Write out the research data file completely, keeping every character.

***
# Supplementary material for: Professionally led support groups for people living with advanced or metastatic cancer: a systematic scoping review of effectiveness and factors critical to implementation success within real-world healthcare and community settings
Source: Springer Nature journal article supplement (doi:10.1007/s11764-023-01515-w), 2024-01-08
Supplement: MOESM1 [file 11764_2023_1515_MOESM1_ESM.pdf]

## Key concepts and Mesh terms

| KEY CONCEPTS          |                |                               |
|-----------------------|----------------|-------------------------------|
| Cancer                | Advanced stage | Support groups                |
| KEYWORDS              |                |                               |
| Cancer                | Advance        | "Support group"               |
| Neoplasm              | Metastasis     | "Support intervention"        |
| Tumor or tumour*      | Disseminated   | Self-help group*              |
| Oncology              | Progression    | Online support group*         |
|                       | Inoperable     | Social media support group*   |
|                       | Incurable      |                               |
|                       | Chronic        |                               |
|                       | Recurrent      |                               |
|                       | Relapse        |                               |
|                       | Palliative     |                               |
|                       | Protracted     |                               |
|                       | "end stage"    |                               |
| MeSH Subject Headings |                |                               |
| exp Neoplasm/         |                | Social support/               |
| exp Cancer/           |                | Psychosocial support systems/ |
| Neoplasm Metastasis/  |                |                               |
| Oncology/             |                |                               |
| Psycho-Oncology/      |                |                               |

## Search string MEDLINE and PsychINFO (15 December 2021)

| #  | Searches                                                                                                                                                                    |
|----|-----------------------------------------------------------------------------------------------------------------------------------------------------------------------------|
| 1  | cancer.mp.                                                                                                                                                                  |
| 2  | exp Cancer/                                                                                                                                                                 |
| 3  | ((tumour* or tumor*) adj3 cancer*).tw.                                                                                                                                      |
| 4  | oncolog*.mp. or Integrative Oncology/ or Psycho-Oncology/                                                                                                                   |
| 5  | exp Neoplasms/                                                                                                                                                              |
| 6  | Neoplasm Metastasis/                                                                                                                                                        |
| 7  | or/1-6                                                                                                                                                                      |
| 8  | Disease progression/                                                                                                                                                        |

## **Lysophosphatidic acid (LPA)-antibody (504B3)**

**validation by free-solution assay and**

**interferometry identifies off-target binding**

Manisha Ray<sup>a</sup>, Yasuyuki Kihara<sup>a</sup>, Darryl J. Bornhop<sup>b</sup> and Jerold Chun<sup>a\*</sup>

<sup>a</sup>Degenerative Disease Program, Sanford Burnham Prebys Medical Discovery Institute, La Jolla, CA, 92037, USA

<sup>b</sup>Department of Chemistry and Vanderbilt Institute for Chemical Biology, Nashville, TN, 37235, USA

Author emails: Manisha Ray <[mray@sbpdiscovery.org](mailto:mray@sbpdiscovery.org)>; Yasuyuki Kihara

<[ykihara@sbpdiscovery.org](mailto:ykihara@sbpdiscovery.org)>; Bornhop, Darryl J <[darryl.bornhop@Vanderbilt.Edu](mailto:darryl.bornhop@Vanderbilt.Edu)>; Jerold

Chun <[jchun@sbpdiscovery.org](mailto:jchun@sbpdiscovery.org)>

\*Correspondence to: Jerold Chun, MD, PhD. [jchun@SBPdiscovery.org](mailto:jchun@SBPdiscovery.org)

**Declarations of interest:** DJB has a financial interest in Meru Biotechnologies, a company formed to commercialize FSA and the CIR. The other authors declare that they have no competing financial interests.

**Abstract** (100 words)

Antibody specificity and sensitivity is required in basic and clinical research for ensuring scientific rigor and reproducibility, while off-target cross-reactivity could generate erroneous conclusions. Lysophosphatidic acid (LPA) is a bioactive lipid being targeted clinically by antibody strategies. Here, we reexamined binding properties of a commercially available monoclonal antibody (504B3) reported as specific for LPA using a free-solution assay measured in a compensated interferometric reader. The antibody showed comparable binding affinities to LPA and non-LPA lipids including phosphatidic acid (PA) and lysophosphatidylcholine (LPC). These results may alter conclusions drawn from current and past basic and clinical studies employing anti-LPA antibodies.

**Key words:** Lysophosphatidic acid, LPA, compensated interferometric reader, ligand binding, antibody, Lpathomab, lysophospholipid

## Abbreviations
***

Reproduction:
# Supplementary material for: Professionally led support groups for people living with advanced or metastatic cancer: a systematic scoping review of effectiveness and factors critical to implementation success within real-world healthcare and community settings
Source: Springer Nature journal article supplement (doi:10.1007/s11764-023-01515-w), 2024-01-08
Supplement: MOESM1 [file 11764_2023_1515_MOESM1_ESM.pdf]

## Key concepts and Mesh terms

| KEY CONCEPTS          |                |                               |
|-----------------------|----------------|-------------------------------|
| Cancer                | Advanced stage | Support groups                |
| KEYWORDS              |                |                               |
| Cancer                | Advance        | "Support group"               |
| Neoplasm              | Metastasis     | "Support intervention"        |
| Tumor or tumour*      | Disseminated   | Self-help group*              |
| Oncology              | Progression    | Online support group*         |
|                       | Inoperable     | Social media support group*   |
|                       | Incurable      |                               |
|                       | Chronic        |                               |
|                       | Recurrent      |                               |
|                       | Relapse        |                               |
|                       | Palliative     |                               |
|                       | Protracted     |                               |
|                       | "end stage"    |                               |
| MeSH Subject Headings |                |                               |
| exp Neoplasm/         |                | Social support/               |
| exp Cancer/           |                | Psychosocial support systems/ |
| Neoplasm Metastasis/  |                |                               |
| Oncology/             |                |                               |
| Psycho-Oncology/      |                |                               |

## Search string MEDLINE and PsychINFO (15 December 2021)

| #  | Searches                                                                                                                                                                    |
|----|-----------------------------------------------------------------------------------------------------------------------------------------------------------------------------|
| 1  | cancer.mp.                                                                                                                                                                  |
| 2  | exp Cancer/                                                                                                                                                                 |
| 3  | ((tumour* or tumor*) adj3 cancer*).tw.                                                                                                                                      |
| 4  | oncolog*.mp. or Integrative Oncology/ or Psycho-Oncology/                                                                                                                   |
| 5  | exp Neoplasms/                                                                                                                                                              |
| 6  | Neoplasm Metastasis/                                                                                                                                                        |
| 7  | or/1-6                                                                                                                                                                      |
| 8  | Disease progression/                                                                                                                                                        |

## **Lysophosphatidic acid (LPA)-antibody (504B3)**

**validation by free-solution assay and**

**interferometry identifies off-target binding**

Manisha Ray<sup>a</sup>, Yasuyuki Kihara<sup>a</sup>, Darryl J. Bornhop<sup>b</sup> and Jerold Chun<sup>a\*</sup>

<sup>a</sup>Degenerative Disease Program, Sanford Burnham Prebys Medical Discovery Institute, La Jolla, CA, 92037, USA

<sup>b</sup>Department of Chemistry and Vanderbilt Institute for Chemical Biology, Nashville, TN, 37235, USA

Author emails: Manisha Ray <[mray@sbpdiscovery.org](mailto:mray@sbpdiscovery.org)>; Yasuyuki Kihara

<[ykihara@sbpdiscovery.org](mailto:ykihara@sbpdiscovery.org)>; Bornhop, Darryl J <[darryl.bornhop@Vanderbilt.Edu](mailto:darryl.bornhop@Vanderbilt.Edu)>; Jerold

Chun <[jchun@sbpdiscovery.org](mailto:jchun@sbpdiscovery.org)>

\*Correspondence to: Jerold Chun, MD, PhD. [jchun@SBPdiscovery.org](mailto:jchun@SBPdiscovery.org)

**Declarations of interest:** DJB has a financial interest in Meru Biotechnologies, a company formed to commercialize FSA and the CIR. The other authors declare that they have no competing financial interests.

**Abstract** (100 words)

Antibody specificity and sensitivity is required in basic and clinical research for ensuring scientific rigor and reproducibility, while off-target cross-reactivity could generate erroneous conclusions. Lysophosphatidic acid (LPA) is a bioactive lipid being targeted clinically by antibody strategies. Here, we reexamined binding properties of a commercially available monoclonal antibody (504B3) reported as specific for LPA using a free-solution assay measured in a compensated interferometric reader. The antibody showed comparable binding affinities to LPA and non-LPA lipids including phosphatidic acid (PA) and lysophosphatidylcholine (LPC). These results may alter conclusions drawn from current and past basic and clinical studies employing anti-LPA antibodies.

**Key words:** Lysophosphatidic acid, LPA, compensated interferometric reader, ligand binding, antibody, Lpathomab, lysophospholipid

## Abbreviations